Public debates about the role of religion in decisions about health and medicine can be vociferous. Consider what emerged in the disputes about Terri Schiavo’s medical care: those who called themselves “pro-life” protested outside her hospice, and courtroom battles between Schiavo’s parents and her husband sought to adjudicate how her Catholic faith would influence her medical care. More recently, some Christians, Muslims, and Jews have argued that they have a religious obligation to flout public health guidelines in order to obey God’s command to worship in person even amid the Covid-19 pandemic.
Michael and Traci Balboni’s staggeringly rich and wide-ranging book on the role of religion in American medicine contributes to such debates. As a team, they bring a wide range of expertise, Tracy is a radiation oncologist, and her husband, Michael, is a pastor and a practical theologian. Both have previously helped coauthor important empirical studies of patients’ desires for religious support at the end of life.1
The book combines sophisticated theology with often blistering critiques of how medicine in the United States has sidelined religious practice or substituted what the Balbonis see as a falsely claimed neutral alternative “spirituality.” They argue that in order for a patient’s religious values to be respected in the context of medicine, physicians must also learn new skills and practices that will help them understand their patient’s religious convictions so they can grasp how those convictions might alter decisions about what treatments they will accept or refuse. In addition, debates about conscience provisions for physicians that have been made part of federal regulation since the completion of the Balbonis’ manuscript have at least in the eyes of some allowed physicians to reclaim their own religious values in the context of their practices.
The responses in this symposium come from varied places. Asma Mobbin-Uddin writes as a Muslim pediatrician, who asks about how religious symbols are really encountered in medicine. Justin List, a medical ethicist and primary care physician in New York City, crafted his response as he worked on the frontlines of the Covid-19 pandemic. He asks whether we frame medicine as a gift or as a social contact. I write as a chaplain, wishing to push back on what I see as the Balbonis’ theological vision. I wonder whether it is practical, possible, or even necessary for physician and patient religious preferences to align, noting the evident dangers of attempting that alignment in a clinical encounter. Lydia Dugdale, a primary care physician in a large academic medical system, asks what changes are necessary to sustain clinicians who are increasingly driven by those who see medicine as an economic and not a spiritual exercise.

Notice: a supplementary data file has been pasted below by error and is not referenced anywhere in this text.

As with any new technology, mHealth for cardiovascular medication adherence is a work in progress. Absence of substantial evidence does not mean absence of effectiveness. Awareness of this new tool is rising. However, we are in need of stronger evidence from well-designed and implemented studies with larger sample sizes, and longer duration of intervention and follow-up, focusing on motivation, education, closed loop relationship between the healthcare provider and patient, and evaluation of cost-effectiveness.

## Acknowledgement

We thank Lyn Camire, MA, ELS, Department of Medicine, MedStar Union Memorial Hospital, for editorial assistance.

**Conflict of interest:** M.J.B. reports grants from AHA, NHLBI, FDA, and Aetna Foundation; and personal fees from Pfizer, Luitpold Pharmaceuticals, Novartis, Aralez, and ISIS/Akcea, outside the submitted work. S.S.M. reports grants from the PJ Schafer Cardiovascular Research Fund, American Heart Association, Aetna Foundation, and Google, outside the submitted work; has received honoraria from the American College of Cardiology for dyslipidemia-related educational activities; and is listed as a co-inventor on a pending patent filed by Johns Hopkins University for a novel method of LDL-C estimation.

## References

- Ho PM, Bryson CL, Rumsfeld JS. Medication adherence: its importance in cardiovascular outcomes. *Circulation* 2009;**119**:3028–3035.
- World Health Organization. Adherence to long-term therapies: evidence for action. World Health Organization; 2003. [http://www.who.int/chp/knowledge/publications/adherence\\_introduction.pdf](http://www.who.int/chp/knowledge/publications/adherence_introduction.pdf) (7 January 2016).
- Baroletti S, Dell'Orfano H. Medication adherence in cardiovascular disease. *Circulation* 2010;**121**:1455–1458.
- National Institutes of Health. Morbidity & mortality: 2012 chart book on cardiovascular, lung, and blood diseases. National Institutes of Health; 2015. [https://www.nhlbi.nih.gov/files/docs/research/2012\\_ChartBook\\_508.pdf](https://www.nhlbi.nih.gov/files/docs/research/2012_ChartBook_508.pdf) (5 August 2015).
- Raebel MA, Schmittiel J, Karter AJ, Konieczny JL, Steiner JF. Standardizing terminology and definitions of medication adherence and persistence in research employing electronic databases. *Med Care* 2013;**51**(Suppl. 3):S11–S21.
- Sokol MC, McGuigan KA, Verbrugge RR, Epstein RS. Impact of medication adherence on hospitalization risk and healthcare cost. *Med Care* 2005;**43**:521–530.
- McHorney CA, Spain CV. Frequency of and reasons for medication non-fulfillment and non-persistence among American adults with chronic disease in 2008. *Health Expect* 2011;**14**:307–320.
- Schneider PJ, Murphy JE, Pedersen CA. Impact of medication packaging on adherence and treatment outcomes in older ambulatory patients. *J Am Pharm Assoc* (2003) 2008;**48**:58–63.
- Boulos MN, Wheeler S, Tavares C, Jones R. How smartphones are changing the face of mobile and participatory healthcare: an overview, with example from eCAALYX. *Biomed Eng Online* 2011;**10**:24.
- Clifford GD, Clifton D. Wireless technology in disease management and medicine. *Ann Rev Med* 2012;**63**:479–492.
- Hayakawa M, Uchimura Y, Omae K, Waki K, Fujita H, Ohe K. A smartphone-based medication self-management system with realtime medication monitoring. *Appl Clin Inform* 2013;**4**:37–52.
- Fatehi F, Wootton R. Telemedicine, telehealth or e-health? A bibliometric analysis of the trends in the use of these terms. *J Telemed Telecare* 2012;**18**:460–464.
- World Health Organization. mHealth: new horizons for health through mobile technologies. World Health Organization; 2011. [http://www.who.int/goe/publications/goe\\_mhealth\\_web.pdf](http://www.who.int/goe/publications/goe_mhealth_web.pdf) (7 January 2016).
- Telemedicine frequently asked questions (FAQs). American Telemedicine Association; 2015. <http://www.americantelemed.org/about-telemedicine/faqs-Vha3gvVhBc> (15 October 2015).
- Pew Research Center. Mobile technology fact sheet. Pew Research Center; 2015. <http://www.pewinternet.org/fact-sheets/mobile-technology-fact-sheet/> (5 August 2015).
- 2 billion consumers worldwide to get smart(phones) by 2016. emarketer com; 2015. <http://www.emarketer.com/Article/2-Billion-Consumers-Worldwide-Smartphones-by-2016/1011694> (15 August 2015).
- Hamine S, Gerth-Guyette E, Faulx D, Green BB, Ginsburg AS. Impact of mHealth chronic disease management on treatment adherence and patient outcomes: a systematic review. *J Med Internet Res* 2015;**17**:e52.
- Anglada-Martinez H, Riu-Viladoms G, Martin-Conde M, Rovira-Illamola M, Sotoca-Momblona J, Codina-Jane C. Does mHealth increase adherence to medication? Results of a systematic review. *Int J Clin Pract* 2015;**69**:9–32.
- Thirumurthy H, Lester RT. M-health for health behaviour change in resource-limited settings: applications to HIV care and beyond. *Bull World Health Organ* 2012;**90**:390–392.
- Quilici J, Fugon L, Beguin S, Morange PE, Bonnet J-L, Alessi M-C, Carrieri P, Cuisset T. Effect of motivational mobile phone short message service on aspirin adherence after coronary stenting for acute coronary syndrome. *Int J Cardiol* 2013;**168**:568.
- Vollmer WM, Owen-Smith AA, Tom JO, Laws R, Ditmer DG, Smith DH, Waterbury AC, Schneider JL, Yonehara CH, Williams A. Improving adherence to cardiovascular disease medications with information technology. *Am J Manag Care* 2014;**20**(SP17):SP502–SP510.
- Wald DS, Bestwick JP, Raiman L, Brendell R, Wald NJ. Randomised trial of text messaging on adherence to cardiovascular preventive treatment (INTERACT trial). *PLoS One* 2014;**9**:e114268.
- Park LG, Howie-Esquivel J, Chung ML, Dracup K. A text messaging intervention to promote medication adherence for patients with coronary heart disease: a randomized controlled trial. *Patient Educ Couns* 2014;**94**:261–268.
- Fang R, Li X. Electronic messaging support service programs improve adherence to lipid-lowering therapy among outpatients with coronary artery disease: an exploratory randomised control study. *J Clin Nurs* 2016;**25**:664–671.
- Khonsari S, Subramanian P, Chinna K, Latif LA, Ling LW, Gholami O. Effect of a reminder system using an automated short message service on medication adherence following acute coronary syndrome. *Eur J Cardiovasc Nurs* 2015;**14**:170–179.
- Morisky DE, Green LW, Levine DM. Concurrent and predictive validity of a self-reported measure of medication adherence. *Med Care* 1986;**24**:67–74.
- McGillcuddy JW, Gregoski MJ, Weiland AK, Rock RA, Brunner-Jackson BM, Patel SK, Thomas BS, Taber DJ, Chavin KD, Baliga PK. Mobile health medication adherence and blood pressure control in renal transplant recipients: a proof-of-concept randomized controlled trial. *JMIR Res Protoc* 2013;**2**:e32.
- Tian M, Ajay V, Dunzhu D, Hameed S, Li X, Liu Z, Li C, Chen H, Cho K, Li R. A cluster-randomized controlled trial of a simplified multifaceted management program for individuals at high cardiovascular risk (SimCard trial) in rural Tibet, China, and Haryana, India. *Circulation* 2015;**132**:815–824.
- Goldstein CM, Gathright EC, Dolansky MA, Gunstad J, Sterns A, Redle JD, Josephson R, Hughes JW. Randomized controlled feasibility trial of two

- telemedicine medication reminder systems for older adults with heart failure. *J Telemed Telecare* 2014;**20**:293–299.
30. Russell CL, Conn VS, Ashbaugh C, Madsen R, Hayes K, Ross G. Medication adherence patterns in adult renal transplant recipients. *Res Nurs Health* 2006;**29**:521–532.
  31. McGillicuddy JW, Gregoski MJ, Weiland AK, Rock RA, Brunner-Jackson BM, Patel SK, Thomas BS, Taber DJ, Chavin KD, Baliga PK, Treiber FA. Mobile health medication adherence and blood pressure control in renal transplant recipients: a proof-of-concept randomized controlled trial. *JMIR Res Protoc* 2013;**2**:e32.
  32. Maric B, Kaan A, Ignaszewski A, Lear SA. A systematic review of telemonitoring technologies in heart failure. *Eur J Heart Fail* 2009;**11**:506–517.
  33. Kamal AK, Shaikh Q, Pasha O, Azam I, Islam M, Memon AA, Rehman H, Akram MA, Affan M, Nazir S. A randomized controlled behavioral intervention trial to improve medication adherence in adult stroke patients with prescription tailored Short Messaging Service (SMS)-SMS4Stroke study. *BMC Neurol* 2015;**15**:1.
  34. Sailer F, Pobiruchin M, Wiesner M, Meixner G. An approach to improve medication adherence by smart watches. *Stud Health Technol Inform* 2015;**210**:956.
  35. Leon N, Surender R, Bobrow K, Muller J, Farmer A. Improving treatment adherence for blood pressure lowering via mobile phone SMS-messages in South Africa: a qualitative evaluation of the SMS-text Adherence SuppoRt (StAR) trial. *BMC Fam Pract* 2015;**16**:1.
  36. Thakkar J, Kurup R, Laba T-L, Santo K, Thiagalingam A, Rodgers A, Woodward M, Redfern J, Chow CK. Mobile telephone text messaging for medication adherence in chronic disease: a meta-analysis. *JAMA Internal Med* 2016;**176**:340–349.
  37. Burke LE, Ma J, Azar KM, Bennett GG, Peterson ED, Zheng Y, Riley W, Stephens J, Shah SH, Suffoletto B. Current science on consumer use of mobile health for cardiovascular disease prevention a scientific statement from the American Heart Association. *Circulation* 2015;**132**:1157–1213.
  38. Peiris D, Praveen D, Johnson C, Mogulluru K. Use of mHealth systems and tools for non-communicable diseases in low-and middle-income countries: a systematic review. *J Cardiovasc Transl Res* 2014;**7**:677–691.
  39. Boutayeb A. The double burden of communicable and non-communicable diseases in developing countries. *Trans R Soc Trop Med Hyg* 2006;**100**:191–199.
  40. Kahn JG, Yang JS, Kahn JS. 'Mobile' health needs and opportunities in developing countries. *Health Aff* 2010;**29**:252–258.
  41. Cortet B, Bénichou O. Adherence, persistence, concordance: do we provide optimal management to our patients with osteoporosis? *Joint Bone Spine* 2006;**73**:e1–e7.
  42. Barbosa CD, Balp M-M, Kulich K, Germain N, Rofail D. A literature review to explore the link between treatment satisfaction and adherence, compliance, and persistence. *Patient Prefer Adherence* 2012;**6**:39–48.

This rich conversation across issues of ethics, theology, and conversation prompted by the strong claims and concrete proposals hopefully will spark more conversations and thoughts among theologians and practitioners.
See Tracy Anne Balboni et al., “Provision of Spiritual Care to Patients with Advanced Cancer: Associations with Medical Care and Quality of Life Near Death,” Journal of Clinical Oncology: Official Journal of the American Society of Clinical Oncology 28, no. 3 (January 20, 2010): 445–52, https://doi.org/10.1200/JCO.2009.24.8005; Michael J. Balboni et al., “Why Is Spiritual Care Infrequent at the End of Life? Spiritual Care Perceptions Among Patients, Nurses, and Physicians and the Role of Training,” Journal of Clinical Oncology: Official Journal of the American Society of Clinical Oncology 31, no. 4 (February 1, 2013): 461–67, https://doi.org/10.1200/JCO.2012.44.6443.↩